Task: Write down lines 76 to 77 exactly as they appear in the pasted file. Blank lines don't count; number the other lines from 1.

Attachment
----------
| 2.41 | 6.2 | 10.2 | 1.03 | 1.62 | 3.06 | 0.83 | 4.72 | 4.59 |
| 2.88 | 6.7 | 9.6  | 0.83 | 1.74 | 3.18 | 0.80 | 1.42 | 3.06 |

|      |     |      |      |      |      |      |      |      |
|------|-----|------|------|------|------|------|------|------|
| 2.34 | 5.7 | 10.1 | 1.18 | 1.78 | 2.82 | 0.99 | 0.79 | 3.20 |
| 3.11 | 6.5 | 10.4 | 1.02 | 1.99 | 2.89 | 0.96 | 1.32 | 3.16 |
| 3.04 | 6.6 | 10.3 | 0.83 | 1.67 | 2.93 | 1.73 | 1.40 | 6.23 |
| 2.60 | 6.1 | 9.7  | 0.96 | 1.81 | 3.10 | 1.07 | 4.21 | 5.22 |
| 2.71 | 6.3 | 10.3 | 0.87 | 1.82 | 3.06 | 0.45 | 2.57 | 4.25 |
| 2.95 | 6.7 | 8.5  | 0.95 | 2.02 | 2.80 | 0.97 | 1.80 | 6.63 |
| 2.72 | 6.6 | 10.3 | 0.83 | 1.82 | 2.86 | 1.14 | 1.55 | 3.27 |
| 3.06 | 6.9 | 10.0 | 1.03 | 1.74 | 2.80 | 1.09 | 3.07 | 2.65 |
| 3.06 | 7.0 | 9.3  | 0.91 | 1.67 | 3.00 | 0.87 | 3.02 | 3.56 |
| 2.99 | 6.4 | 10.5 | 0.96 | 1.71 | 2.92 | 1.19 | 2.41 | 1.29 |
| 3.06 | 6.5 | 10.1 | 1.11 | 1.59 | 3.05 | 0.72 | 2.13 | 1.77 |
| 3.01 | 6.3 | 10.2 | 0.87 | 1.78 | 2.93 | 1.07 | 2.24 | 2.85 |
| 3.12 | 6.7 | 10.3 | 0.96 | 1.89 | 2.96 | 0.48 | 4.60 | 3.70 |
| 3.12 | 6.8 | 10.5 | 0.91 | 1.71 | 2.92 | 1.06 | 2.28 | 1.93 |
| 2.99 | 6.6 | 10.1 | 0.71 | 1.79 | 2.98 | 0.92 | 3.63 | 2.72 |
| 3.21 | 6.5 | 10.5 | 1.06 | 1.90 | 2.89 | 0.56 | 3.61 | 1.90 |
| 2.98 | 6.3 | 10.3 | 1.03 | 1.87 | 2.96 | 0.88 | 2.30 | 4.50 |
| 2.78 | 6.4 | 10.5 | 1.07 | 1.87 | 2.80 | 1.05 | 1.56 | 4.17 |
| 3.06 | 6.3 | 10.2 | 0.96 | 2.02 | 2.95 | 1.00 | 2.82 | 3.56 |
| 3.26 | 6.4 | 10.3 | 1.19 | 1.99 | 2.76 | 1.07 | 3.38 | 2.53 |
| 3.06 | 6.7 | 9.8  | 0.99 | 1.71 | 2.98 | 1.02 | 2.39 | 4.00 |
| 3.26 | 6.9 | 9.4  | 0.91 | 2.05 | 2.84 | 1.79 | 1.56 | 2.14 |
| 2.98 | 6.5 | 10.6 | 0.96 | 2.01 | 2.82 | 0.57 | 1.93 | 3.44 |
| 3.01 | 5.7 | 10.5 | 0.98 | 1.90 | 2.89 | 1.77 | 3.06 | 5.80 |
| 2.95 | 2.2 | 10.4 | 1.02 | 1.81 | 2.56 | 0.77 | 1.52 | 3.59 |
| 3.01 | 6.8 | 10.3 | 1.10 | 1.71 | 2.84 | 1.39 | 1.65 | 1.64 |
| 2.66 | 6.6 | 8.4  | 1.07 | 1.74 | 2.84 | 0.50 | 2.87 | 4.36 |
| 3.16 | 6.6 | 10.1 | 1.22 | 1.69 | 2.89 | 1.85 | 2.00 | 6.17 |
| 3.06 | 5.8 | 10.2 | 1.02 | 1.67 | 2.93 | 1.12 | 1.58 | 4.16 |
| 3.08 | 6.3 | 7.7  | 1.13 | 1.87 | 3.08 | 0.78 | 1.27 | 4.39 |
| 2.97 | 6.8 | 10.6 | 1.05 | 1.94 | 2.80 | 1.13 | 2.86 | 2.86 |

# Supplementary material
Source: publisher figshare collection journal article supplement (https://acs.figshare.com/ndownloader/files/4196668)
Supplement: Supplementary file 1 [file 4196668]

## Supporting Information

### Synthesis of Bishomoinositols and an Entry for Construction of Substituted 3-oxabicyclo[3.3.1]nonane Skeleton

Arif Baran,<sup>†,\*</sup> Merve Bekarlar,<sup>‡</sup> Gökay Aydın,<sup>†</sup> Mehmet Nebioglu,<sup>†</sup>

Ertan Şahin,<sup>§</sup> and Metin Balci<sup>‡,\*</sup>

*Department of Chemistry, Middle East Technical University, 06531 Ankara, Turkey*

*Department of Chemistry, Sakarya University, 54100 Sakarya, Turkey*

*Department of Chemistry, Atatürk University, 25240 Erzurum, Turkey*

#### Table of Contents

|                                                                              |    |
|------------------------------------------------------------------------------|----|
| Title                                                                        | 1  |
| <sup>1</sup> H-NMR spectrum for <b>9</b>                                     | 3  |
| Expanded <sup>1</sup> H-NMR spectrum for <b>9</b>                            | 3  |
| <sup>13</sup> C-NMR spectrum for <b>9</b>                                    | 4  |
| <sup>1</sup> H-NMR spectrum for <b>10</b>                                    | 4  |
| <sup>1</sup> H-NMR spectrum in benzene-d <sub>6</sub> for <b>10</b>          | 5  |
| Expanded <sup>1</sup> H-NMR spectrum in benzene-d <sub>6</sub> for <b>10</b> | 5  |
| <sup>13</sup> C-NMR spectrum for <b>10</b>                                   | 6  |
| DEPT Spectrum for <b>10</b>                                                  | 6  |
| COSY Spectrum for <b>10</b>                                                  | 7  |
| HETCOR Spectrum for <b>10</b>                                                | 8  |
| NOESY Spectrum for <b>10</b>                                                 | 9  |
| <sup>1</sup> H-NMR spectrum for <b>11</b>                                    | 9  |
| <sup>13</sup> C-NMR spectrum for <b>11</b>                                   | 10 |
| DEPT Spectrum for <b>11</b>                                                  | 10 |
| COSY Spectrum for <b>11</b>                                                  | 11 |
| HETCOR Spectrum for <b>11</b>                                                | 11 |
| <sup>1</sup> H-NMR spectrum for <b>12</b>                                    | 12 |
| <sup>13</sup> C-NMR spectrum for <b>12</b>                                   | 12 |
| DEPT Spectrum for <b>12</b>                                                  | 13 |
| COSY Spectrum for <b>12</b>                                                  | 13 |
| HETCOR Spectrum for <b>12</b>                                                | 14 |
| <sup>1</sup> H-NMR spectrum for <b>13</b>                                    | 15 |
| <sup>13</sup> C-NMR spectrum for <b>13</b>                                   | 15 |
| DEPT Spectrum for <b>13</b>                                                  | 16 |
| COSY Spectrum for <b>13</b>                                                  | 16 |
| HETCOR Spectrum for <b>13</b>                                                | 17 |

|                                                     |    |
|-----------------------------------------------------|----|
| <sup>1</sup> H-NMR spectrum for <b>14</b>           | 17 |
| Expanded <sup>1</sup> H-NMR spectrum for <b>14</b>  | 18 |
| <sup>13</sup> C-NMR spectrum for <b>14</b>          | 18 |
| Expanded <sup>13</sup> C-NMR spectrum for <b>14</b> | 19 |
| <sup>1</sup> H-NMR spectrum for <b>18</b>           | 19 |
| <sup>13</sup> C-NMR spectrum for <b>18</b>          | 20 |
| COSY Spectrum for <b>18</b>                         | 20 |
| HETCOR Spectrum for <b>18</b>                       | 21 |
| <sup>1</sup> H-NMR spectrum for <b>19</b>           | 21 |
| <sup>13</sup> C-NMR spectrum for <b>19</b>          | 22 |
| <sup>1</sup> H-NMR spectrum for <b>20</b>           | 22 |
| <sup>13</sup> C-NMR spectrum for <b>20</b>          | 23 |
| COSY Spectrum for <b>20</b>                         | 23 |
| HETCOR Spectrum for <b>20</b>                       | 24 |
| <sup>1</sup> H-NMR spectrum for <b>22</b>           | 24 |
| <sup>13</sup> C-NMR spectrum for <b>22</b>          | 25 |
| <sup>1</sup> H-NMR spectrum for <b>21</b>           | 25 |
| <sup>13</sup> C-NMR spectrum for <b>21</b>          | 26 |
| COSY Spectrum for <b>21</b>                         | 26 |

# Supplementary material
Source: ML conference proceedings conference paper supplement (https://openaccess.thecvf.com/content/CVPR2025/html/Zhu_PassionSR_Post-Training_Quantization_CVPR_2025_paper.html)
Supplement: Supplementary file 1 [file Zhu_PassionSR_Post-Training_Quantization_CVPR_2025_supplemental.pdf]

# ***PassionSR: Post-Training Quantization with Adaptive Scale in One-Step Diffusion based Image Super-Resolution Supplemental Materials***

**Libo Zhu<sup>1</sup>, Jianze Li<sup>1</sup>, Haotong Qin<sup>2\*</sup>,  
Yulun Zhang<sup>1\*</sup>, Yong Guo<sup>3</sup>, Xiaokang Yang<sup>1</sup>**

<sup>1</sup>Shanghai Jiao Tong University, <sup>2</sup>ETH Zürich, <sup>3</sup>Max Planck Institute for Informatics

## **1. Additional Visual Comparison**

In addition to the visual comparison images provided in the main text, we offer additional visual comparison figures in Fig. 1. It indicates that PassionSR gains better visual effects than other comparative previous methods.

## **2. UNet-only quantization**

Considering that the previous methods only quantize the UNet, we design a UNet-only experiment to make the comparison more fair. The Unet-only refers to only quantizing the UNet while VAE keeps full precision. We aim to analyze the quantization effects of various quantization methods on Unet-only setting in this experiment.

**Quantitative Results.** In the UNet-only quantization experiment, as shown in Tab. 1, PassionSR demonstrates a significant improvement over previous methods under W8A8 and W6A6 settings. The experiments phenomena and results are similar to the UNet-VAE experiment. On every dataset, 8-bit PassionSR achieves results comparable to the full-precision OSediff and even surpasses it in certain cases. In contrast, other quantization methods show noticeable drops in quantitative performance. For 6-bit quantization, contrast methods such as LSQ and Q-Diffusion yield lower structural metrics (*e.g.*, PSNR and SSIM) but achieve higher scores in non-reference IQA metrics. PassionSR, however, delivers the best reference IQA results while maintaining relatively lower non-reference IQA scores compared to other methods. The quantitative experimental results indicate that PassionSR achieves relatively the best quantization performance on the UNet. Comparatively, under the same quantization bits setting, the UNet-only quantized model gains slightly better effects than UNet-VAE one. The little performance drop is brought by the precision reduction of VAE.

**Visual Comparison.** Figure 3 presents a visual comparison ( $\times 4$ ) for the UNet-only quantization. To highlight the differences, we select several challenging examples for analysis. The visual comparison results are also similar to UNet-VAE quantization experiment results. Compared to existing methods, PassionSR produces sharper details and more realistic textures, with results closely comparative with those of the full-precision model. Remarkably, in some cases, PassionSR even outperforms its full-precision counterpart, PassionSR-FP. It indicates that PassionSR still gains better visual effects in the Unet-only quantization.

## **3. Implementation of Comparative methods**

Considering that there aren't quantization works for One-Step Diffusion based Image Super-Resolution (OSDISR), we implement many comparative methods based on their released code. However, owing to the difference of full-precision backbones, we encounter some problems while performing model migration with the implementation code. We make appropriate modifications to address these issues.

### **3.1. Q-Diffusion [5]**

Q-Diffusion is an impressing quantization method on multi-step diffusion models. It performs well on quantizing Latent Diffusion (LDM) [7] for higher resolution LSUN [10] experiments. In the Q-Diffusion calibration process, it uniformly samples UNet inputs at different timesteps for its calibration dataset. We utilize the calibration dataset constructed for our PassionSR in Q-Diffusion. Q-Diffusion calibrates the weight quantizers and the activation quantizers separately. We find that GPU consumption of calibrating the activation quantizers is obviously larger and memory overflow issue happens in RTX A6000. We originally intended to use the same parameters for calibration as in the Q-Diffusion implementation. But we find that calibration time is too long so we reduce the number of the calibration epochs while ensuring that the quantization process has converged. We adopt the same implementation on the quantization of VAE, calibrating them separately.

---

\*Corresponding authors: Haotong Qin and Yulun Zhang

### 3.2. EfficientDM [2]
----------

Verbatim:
|                                                     |    |
|-----------------------------------------------------|----|